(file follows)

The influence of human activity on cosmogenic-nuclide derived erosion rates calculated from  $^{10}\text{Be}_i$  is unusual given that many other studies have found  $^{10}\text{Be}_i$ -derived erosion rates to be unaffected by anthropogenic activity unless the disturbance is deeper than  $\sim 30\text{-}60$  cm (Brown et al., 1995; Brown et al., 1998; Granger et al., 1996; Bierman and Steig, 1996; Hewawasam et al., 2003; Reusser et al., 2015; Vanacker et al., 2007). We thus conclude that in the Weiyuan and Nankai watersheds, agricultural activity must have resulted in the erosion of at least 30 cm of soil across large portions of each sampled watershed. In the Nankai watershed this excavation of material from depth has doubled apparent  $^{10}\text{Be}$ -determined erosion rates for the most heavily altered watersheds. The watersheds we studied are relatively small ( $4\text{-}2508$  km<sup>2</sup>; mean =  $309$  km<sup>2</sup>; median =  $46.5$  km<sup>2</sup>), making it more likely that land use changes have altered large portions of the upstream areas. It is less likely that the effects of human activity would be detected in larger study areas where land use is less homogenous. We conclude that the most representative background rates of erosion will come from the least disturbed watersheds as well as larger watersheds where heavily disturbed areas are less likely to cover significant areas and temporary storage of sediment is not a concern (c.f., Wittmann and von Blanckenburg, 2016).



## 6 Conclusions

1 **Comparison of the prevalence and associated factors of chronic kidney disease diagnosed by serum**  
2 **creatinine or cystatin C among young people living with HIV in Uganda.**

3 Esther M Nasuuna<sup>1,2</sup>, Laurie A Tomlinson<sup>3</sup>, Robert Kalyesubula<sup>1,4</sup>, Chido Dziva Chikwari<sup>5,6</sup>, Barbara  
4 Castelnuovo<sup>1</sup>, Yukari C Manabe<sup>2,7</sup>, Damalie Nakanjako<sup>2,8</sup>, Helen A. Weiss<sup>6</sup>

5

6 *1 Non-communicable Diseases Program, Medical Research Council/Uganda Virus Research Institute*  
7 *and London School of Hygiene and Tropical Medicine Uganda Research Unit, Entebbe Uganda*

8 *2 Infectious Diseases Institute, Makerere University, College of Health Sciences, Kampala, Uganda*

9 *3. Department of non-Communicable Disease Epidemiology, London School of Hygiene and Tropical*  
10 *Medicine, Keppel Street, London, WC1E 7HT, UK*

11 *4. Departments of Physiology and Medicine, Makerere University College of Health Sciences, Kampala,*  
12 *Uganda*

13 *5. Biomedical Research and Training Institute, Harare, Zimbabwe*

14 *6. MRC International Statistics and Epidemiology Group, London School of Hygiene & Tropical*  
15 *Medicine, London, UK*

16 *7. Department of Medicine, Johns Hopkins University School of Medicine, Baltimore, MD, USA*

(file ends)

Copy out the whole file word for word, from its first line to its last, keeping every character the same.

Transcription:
The influence of human activity on cosmogenic-nuclide derived erosion rates calculated from  $^{10}\text{Be}_i$  is unusual given that many other studies have found  $^{10}\text{Be}_i$ -derived erosion rates to be unaffected by anthropogenic activity unless the disturbance is deeper than  $\sim 30\text{-}60$  cm (Brown et al., 1995; Brown et al., 1998; Granger et al., 1996; Bierman and Steig, 1996; Hewawasam et al., 2003; Reusser et al., 2015; Vanacker et al., 2007). We thus conclude that in the Weiyuan and Nankai watersheds, agricultural activity must have resulted in the erosion of at least 30 cm of soil across large portions of each sampled watershed. In the Nankai watershed this excavation of material from depth has doubled apparent  $^{10}\text{Be}$ -determined erosion rates for the most heavily altered watersheds. The watersheds we studied are relatively small ( $4\text{-}2508$  km<sup>2</sup>; mean =  $309$  km<sup>2</sup>; median =  $46.5$  km<sup>2</sup>), making it more likely that land use changes have altered large portions of the upstream areas. It is less likely that the effects of human activity would be detected in larger study areas where land use is less homogenous. We conclude that the most representative background rates of erosion will come from the least disturbed watersheds as well as larger watersheds where heavily disturbed areas are less likely to cover significant areas and temporary storage of sediment is not a concern (c.f., Wittmann and von Blanckenburg, 2016).



## 6 Conclusions

1 **Comparison of the prevalence and associated factors of chronic kidney disease diagnosed by serum**  
2 **creatinine or cystatin C among young people living with HIV in Uganda.**

3 Esther M Nasuuna<sup>1,2</sup>, Laurie A Tomlinson<sup>3</sup>, Robert Kalyesubula<sup>1,4</sup>, Chido Dziva Chikwari<sup>5,6</sup>, Barbara  
4 Castelnuovo<sup>1</sup>, Yukari C Manabe<sup>2,7</sup>, Damalie Nakanjako<sup>2,8</sup>, Helen A. Weiss<sup>6</sup>

5

6 *1 Non-communicable Diseases Program, Medical Research Council/Uganda Virus Research Institute*  
7 *and London School of Hygiene and Tropical Medicine Uganda Research Unit, Entebbe Uganda*

8 *2 Infectious Diseases Institute, Makerere University, College of Health Sciences, Kampala, Uganda*

9 *3. Department of non-Communicable Disease Epidemiology, London School of Hygiene and Tropical*  
10 *Medicine, Keppel Street, London, WC1E 7HT, UK*

11 *4. Departments of Physiology and Medicine, Makerere University College of Health Sciences, Kampala,*  
12 *Uganda*

13 *5. Biomedical Research and Training Institute, Harare, Zimbabwe*

14 *6. MRC International Statistics and Epidemiology Group, London School of Hygiene & Tropical*  
15 *Medicine, London, UK*

16 *7. Department of Medicine, Johns Hopkins University School of Medicine, Baltimore, MD, USA*